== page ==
Dodge CEO Hints at Second Malaise Era, Blames Regulation
Dodge CEO Tim Kuniskis has repeatedly suggested that electrification would be a keystone trait of tomorrow’s automobiles. But he never sounds truly gleeful about the prospect, injecting the level of joy one might reserve when announcing that the trip to the grocery store after noticing spartan shelves in the kitchen. Kuniskis is aware that Dodge’s lineup caters heavily to automotive size queens and that its ability to manufacture those models is swiftly coming to a close.
Despite the former FCA giving the brand the go-ahead to manufacture V8-equipped behemoths like the Hellcat, the newly formed Stellantis auto group may be less inclined to continue those efforts and the freshly installed Biden administration seems wholly committed to doubling down on environmental regulations that were already at odds with high-output automobiles. Kuniskis typically stops short of discussing these issues as the death knell for automotive performance, suggesting instead that electrification will open new doors for the industry while closing a few others. But he occasionally issues statements hinting that he’s not quite so enthralled with or as hopeful about EVs as his contemporaries.
“The whole world is going to shift to electrification, right? We know this is coming,” he told the outlet. “The whole world’s going get there and when it does, the price point of that technology is going to come down and … the crazy people are going to take the electrification that has now become accessible from a price point and make that performance-based instead of economy-based.”
But gasoline-reliant performers might become a casualty with no direct heir until electrics manage to achieve a true parity — especially if governments and the industry place the progress desired too far ahead of progress already made. Dodge’s CEO compared 2021 to the period foreshadowing the notorious Malaise Era (1973-1983), where the U.S. Federal Government began requiring new safety improvements (making vehicles heavier) with aggressive efficiency mandates (mitigating fuel usage). This resulted in a bevy of garbage tier performance vehicles and a slew of mainstream models that were often slower than their predecessors and sometimes burnt more fuel.
“1972 was the beginning of the end of the Golden Age of muscle cars,” Kuniskis said. “They went away for fuel economy, for the oil crisis. They went away for safety. They went away for insurance, and they went away for increasing emission standards. It’s kind of crazy to think about we’re getting close to a similar list of things right now.”
President Biden has already issued orders stalling new oil drilling on federal lands and has decided to cancel the Keystone XL pipeline that was formerly under construction. While dismantling the oil industry entirely is unrealistic, the current administration still has lofty environmental goals and most analysts are predicting steadily increasing energy prices. Some of the assumed regulatory changes may also run the risk of ending the United States’ ability to remain energy independent, potentially opening it up to another 1973-style oil crisis.
Kuniskis may not be having nightmares about the Dodge Aspen R/T rising from its grave to seek its slow and inefficient revenge. But he does appear to appreciate what Dodge has managed to achieve ahead of new regulations. By returning to the classic American formula of sticking large motors into big automobiles, the brand has managed to raise the performance bar for both itself and its domestic rivals without needing to saddle its products with six-figure window stickers.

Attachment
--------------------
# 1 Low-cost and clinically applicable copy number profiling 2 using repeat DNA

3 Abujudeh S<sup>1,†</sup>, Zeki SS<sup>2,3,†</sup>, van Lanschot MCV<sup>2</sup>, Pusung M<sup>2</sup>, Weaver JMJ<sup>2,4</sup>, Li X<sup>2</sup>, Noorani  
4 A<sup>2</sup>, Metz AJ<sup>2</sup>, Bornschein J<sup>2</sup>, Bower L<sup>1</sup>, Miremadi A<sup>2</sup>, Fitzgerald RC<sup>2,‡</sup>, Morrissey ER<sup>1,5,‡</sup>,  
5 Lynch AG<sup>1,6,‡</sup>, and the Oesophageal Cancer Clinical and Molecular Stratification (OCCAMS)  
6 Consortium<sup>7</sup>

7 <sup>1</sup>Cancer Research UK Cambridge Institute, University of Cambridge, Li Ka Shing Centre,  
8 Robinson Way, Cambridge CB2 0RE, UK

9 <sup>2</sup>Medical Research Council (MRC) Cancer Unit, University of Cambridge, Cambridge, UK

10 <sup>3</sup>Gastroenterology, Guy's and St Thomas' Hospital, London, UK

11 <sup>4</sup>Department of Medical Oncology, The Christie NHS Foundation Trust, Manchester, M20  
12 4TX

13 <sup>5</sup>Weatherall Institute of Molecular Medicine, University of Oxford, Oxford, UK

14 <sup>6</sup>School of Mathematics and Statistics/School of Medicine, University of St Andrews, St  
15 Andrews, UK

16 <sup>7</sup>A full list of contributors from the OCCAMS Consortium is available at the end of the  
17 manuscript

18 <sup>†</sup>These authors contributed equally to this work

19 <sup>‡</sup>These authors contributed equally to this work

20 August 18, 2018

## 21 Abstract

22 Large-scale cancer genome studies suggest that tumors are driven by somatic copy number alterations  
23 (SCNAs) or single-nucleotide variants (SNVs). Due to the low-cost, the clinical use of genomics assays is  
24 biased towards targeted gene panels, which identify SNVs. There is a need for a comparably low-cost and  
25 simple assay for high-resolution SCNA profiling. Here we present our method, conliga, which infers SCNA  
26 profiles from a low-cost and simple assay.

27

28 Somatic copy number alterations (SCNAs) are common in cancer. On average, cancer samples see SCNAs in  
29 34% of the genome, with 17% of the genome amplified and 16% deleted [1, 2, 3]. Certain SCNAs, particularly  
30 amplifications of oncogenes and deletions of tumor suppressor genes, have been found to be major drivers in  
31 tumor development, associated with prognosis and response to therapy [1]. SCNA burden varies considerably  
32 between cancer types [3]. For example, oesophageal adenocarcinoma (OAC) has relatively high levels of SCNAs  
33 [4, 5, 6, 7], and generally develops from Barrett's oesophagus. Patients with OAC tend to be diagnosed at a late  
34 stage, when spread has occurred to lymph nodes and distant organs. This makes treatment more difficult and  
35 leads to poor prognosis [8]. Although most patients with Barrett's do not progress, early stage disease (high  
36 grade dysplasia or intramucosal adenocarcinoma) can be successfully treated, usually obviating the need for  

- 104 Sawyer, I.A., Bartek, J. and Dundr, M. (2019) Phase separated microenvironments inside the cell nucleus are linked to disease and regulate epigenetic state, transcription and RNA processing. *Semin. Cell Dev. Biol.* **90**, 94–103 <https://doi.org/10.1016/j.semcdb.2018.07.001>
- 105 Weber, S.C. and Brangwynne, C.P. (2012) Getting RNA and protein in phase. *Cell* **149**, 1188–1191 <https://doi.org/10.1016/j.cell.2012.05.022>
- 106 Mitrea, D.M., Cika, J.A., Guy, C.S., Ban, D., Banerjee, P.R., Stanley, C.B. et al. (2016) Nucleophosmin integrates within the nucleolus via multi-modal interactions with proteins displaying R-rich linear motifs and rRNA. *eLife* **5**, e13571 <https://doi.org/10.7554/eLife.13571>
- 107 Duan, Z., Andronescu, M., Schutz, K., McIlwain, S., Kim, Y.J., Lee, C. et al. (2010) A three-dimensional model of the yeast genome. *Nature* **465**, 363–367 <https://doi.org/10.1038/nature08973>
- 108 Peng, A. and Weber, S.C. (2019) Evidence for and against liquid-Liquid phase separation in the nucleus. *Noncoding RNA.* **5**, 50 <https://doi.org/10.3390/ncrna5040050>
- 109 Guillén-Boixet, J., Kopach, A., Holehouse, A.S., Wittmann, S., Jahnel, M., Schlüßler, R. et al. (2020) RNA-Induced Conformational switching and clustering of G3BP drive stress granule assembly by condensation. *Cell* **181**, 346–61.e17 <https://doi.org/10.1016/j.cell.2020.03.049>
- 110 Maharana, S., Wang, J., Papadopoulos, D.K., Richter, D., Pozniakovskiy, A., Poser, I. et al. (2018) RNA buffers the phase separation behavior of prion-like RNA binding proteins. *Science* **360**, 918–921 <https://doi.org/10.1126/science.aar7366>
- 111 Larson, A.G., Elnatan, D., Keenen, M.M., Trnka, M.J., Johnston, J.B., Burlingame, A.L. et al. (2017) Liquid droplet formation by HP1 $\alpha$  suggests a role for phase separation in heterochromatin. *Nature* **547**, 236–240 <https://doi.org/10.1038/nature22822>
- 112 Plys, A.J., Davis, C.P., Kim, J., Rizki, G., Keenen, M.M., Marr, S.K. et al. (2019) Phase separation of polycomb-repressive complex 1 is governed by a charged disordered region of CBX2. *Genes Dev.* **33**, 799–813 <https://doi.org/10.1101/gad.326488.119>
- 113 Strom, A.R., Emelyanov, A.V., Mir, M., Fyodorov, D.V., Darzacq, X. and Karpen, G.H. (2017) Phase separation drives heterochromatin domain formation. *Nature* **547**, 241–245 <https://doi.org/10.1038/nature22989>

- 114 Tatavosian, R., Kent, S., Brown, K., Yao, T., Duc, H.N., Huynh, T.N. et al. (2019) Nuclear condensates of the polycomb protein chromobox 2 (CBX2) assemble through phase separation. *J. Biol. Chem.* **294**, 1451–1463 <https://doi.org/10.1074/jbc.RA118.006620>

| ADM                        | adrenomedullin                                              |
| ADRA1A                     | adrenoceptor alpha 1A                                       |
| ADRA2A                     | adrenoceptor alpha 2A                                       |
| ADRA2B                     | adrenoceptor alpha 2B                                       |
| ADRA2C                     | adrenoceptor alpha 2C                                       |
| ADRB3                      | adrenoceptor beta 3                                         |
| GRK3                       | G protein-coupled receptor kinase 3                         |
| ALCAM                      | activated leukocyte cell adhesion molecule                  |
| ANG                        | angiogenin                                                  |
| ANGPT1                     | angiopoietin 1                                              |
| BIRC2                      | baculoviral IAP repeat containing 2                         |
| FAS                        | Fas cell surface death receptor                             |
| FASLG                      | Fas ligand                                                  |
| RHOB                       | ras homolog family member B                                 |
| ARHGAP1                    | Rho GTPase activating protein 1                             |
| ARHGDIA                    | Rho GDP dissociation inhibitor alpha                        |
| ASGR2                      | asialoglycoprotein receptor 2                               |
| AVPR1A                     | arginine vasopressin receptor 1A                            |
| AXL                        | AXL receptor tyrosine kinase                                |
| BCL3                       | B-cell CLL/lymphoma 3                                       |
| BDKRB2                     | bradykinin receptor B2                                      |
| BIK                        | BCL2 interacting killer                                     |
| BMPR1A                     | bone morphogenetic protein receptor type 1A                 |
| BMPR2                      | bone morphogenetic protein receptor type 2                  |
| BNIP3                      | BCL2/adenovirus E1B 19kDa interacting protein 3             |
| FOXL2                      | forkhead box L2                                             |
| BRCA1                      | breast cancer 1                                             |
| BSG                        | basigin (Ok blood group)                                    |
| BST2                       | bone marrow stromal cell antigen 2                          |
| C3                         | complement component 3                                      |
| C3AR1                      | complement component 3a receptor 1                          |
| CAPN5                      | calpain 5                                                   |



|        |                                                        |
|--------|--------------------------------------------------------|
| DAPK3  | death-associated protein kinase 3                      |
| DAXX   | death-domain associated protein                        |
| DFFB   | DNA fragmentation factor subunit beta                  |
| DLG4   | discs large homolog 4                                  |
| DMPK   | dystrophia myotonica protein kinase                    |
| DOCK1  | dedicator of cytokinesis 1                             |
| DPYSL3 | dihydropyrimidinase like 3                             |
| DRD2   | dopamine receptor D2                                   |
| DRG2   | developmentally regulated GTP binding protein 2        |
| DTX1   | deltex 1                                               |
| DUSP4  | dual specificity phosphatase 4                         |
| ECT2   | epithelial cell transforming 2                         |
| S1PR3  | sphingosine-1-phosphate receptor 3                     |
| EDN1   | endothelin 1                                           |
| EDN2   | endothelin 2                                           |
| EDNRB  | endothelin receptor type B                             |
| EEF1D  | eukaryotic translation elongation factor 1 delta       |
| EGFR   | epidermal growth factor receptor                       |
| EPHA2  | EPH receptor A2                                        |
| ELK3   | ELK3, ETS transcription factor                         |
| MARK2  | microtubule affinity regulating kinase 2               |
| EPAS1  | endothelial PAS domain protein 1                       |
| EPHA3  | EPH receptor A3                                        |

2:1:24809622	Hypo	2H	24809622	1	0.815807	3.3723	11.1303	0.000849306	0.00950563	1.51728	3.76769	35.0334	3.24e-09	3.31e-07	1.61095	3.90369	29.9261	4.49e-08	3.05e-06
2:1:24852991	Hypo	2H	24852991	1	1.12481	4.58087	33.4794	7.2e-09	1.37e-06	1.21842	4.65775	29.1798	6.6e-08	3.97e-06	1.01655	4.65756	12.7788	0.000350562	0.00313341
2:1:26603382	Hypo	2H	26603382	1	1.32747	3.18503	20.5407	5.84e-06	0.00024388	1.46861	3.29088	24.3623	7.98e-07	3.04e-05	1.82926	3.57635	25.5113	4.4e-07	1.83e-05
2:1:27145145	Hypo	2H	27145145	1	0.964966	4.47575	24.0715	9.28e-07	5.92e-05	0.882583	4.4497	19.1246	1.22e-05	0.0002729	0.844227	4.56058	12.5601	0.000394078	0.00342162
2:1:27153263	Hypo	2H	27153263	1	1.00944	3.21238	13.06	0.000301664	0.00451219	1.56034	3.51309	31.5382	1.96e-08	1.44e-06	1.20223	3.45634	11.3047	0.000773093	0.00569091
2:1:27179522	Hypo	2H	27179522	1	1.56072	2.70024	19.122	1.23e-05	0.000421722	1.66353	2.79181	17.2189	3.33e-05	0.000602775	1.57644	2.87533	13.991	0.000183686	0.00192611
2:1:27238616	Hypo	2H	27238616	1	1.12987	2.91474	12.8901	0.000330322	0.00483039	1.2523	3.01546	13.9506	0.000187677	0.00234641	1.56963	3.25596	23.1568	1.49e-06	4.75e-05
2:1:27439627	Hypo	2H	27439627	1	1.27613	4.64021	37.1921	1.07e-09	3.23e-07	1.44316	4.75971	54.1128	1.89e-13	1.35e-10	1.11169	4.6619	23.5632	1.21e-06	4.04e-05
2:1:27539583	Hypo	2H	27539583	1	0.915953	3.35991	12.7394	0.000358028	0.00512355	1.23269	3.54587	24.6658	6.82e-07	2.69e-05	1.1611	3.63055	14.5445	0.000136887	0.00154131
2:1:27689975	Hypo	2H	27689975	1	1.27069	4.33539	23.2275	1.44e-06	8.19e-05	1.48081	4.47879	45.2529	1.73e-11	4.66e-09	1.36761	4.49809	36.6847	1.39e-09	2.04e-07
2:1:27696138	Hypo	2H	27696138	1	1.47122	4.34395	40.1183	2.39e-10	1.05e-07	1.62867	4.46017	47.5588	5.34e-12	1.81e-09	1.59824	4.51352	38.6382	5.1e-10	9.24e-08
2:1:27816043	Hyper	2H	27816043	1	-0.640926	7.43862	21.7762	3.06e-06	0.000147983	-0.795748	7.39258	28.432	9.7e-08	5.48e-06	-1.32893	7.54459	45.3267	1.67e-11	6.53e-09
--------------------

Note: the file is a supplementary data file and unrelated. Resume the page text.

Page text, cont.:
“What Hellcat has done is way beyond what our initial expectations were because it’s way beyond what a traditional, very high-end trim does,” Kuniskis said. “In the last five years or so, we’ve sold well over 50,000 Hellcats. That’s a lot of Hellcats in five years if you think about you know the price point of that car.”
Whether Dodge’s future trajectory will remain focused on maximizing vehicle performance per dollar, Kuniskis believes EVs should eventually be able to surpass all benchmarks set by the internal-combustion engine. But he knows the party is probably ending for vehicles like the Hellcat.
“The days of an iron block supercharged 6.2-liter V8 are numbered,” he confessed during his interview. “They’re absolutely numbered because of all the compliance costs. But the performance that those vehicles generate is not numbered.”
Superdessucke on Feb 02, 2021
Ok, so can we please, for the love of all that's Holy, stop pretending that SUVs are performance cars which need 45 series tires, 21" rims, and black trim and go back to the luxury decor packages of the '70s now? Finally? More appropriate and probably greater sales.
Ponchoman49 on Feb 03, 2021
I'm thinking the Malaise is not what we have available currently for performance but more in what we are inevitably losing with the endless government mandates and interference. V6 and V8 engines, sound, feel, stick shift transmissions, pony cars and coupes will all be casualties and even the normal sedan is at risk. And lets face it if cars like the Camaro, Charger, Challenger, 300 and Mustang GT are all killed off and turned into electric blobby SUV's we will have lost that type of styling as well. It will also be interesting to see what these much ballyhooed electric cars for the everyday buyer will look like price wise. Considering one car still walk into a car dealer and buy a new Elantra for between 16995-17995 or a Fusion for under 20K or a new Sentra for well under 20K with many other lower cost examples I won't get into. I'm having serious doubts an electric car of similar size is going to sell new for anywhere near that price even 10 years down the road. So add that to the list. Time will tell
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